Behold my Christmas quilt! I am so pleased with this quilt, mainly because it went from idea to finished item in around 5 weeks. The quilt I had in mind to make was this Laurie Matthews design but as I was working with a pack of fat quarters I didn’t have enough fabric to follow her pattern so this is where I had to dig into the stash and tweak the design to suit what I had, isn’t that the best thing about quilting?
I sliced my triangles in half and rejoined them to get 14, I played with the layout and decided on this arrangement
talk about making life complicated for myself! Thankfully I saw the light and stitched my stars to one large piece of fabric rather than joining 14 blocks together!
I joined the stars together with some silver Yarn just to add a bit of interest to the plain white background. I constructed the stars using the English paper piecing method, something I hadn’t really done before. Some of the diamonds were fussy cut, I saw the work of flossieteacakes who has opened my eyes to the potential of this technique, her book is now on my wishlist (as if I need any more books but hey :))
Quilting this baby took me a couple of evenings, jeez my arms were sore after manoeuvring it around the machine!
I really enjoyed stitching up the quilt border, it was lovely to feel the weight and warmth of the quilt while I stitched. Through the hours of making this I’d had a vision in my head of me and my girl snuggling under it watching Christmas films and reading Christmas stories. Here she is having her 1st snuggle under it after performing at her nursery nativity.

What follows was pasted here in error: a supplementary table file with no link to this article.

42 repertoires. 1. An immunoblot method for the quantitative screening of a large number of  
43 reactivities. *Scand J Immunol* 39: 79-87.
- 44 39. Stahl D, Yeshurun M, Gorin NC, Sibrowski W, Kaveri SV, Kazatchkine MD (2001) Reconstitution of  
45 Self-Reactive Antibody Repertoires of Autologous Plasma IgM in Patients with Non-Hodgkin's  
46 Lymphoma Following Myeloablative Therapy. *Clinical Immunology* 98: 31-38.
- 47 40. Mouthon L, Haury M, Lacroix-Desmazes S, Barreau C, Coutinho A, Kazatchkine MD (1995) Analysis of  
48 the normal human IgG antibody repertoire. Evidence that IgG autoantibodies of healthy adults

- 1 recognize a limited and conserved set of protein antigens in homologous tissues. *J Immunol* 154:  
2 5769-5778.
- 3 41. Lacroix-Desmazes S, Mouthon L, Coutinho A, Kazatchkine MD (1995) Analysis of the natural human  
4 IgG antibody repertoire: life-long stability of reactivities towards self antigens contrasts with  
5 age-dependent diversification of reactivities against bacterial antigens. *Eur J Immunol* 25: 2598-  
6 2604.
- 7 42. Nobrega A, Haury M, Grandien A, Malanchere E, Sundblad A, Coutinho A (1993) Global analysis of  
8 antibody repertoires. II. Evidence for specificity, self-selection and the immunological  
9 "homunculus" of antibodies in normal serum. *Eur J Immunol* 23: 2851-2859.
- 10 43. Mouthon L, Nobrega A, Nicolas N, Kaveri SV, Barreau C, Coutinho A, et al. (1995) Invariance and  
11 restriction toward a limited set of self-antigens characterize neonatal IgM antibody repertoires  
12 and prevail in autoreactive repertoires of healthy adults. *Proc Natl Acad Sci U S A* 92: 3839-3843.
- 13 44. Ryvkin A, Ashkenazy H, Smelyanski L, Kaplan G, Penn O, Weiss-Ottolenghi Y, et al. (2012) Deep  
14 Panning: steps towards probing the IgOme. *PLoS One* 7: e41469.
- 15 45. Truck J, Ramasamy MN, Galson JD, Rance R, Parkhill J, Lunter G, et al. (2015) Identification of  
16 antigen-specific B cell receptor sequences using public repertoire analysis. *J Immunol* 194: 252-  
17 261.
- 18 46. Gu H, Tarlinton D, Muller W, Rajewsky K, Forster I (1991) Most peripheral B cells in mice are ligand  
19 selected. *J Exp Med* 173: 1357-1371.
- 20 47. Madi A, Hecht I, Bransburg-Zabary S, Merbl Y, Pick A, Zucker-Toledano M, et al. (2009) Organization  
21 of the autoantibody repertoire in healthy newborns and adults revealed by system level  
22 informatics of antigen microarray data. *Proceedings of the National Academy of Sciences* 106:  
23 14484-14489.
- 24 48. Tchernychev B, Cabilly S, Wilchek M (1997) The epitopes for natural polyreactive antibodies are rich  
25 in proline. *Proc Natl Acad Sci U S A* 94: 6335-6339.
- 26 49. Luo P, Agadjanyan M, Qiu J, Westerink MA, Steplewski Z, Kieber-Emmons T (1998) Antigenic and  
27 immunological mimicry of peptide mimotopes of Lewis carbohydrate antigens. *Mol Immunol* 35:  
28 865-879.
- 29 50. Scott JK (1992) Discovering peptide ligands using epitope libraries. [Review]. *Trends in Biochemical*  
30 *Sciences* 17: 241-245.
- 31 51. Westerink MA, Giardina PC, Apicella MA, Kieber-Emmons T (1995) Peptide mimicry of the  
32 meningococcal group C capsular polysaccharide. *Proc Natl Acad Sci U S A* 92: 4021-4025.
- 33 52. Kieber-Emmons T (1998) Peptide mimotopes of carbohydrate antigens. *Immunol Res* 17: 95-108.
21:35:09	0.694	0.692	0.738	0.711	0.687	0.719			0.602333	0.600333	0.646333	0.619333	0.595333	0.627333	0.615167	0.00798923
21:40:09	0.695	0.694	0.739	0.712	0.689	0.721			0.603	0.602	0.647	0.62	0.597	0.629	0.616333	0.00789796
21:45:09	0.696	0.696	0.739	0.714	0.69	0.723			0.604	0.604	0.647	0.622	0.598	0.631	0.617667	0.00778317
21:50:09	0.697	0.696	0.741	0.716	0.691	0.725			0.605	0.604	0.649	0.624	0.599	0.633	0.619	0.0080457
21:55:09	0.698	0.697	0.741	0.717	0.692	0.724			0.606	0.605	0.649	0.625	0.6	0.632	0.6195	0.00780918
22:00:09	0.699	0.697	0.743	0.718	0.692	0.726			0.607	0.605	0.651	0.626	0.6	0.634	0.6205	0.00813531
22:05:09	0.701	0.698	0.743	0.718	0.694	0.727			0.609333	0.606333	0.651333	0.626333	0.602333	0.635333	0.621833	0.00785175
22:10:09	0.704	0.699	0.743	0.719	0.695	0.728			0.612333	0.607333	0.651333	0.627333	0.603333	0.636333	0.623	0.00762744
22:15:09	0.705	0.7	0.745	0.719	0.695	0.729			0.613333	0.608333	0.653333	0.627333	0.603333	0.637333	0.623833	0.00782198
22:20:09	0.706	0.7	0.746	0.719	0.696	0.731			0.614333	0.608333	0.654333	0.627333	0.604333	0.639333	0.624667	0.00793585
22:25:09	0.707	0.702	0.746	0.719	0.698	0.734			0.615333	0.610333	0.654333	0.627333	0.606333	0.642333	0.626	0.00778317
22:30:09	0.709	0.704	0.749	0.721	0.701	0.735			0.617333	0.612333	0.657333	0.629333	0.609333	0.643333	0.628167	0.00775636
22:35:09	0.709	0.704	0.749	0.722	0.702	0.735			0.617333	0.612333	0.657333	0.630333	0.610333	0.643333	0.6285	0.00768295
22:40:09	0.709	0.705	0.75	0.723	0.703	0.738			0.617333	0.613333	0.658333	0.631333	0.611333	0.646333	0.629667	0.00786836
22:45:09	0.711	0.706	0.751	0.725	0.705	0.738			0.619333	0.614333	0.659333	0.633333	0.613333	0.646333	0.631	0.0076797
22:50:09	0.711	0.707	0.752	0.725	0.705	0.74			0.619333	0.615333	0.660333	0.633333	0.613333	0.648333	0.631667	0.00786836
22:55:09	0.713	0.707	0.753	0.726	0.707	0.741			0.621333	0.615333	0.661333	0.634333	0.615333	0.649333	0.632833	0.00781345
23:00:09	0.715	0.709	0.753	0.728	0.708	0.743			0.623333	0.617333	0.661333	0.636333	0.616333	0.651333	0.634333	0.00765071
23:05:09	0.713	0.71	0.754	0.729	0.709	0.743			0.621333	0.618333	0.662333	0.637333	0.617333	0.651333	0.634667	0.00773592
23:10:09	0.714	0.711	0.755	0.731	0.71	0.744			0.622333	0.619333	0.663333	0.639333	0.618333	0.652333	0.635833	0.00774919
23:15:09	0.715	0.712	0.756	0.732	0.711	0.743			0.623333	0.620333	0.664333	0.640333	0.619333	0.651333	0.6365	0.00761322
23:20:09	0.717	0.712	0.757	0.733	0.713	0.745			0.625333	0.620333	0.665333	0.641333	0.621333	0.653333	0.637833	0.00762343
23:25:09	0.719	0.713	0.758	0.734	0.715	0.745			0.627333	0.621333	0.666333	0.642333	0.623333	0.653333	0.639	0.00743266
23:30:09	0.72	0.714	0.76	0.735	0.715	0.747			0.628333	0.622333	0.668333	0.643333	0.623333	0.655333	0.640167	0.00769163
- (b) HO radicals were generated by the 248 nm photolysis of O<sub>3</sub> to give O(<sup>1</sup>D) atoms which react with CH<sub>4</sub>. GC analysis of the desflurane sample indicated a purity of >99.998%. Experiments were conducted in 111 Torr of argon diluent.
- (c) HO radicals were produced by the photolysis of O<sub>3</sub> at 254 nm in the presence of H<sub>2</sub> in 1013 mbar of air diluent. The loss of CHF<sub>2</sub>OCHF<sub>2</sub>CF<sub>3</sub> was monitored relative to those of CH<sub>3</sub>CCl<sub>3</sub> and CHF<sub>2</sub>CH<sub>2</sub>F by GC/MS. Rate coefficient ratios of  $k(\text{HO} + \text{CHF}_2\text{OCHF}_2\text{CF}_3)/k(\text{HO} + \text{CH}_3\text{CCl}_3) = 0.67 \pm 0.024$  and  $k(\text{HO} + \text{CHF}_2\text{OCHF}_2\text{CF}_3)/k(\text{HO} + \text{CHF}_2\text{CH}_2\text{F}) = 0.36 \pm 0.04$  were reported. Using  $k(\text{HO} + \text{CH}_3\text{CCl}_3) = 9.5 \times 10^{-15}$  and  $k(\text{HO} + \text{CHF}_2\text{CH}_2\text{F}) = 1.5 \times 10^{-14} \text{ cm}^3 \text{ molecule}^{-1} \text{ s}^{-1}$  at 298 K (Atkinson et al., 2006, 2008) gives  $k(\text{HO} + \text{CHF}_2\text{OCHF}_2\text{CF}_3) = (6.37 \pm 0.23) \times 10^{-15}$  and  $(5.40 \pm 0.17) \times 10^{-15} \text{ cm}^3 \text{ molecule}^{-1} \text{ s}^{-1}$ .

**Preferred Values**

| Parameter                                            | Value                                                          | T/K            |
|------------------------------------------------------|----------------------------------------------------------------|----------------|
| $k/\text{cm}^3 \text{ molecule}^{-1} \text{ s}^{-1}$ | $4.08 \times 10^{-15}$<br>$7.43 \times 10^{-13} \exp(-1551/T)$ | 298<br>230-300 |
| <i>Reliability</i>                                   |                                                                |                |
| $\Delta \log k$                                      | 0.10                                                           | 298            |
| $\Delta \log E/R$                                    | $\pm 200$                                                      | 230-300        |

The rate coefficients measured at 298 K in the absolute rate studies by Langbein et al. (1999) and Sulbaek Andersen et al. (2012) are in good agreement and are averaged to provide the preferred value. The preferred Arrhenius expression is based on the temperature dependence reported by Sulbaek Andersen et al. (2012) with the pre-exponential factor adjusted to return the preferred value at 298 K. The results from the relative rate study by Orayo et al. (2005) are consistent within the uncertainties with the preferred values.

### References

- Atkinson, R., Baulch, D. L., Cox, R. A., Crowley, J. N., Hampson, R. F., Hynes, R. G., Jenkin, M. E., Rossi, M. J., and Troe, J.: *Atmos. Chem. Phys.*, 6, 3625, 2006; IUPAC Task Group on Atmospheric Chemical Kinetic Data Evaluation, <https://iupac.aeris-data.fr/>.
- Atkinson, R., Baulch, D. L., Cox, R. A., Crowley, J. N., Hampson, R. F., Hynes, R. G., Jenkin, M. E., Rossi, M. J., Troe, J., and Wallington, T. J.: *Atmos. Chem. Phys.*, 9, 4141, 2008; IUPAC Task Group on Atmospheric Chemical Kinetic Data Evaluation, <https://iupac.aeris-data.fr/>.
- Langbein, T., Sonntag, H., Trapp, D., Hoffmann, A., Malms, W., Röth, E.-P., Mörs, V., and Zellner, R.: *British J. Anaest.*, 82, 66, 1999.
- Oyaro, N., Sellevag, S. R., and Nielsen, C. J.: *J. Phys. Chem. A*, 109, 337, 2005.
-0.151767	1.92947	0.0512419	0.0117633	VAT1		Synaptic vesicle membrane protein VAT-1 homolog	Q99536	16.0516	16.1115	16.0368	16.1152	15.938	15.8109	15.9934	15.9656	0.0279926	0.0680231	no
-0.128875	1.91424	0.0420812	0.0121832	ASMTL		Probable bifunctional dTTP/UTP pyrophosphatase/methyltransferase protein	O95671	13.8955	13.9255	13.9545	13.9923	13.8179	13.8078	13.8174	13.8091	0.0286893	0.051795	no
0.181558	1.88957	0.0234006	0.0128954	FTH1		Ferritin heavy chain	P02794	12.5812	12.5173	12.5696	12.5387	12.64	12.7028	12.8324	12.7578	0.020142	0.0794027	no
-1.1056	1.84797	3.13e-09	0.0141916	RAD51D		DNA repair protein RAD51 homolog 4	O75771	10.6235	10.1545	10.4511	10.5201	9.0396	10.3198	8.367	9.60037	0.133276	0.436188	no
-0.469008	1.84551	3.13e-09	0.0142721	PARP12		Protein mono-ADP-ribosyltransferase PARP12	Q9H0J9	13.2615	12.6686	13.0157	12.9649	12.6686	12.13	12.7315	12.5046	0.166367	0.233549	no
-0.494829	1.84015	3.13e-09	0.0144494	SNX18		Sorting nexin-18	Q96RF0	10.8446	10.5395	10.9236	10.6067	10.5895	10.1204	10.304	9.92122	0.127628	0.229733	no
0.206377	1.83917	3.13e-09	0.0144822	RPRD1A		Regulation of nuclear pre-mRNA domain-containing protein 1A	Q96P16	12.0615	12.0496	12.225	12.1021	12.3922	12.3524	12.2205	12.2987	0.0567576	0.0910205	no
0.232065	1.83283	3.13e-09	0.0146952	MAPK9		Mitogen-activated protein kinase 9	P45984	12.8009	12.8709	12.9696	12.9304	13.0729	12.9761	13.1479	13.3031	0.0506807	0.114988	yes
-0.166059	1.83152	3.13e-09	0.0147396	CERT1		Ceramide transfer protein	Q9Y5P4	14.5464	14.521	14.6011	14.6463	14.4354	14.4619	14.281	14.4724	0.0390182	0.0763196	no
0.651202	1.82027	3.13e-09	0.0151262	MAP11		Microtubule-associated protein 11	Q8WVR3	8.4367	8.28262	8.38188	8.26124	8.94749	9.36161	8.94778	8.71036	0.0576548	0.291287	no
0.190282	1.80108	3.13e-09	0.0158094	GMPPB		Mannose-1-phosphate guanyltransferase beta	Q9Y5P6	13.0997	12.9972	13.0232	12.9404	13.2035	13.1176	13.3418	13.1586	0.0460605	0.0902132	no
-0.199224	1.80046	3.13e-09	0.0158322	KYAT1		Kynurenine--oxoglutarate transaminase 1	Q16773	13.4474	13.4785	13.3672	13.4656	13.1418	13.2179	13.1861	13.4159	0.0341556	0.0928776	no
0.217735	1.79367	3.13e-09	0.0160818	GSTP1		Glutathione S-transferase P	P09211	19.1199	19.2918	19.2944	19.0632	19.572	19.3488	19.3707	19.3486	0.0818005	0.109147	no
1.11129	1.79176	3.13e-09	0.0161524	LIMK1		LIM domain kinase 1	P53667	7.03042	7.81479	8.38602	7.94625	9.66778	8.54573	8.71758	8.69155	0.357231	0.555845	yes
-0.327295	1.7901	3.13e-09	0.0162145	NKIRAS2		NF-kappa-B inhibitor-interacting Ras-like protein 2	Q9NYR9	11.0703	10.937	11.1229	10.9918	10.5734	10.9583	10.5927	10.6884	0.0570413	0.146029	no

Here’s a full view of the finished article and some detail shots:
I loved making this and hope that we will have many more Christmases snuggled under its warmth.
Thanks for reading and I’m wishing you all a happy and healthy 2019 x
The pattern for this ‘Be Merry’ mini quilt was featured in aChristmas gift pattern booklet free with Simply Sewing magazine. I fancied something quick to make so this pattern looked ideal.
I found a pack of Japanese fabrics in my stash that I bought at the Knitting and Stitching show back in 2016, the colours are bright and there’s a gold outline around the shapes which I felt was suitably festive so I finally cut into the fabric after 2 years of procrastinating over what to use it for.
The base fabric is another piece from the stash – this time from a pack of fat quarters Christmas themed fabrics that I’d picked up in the Hobbycraft sale last year. I’ve done more with these fabrics that I’ll share in my next post.
This was a really simple applique project, that took me a couple of evenings to do. I also learnt how to do mitred corners with this project, courtesy of a Fons & Porter YouTube video, this is a technique I will definetly use again, thanks ladies!
The finished article has been hanging in my dining room over the festive period. The decorations below always make me laugh – I bought them in Poundland last year and when I opened the pack at home I discovered there was no ‘L’ in ‘NOEL’! I might make an L for next year but it makes me smile as it is.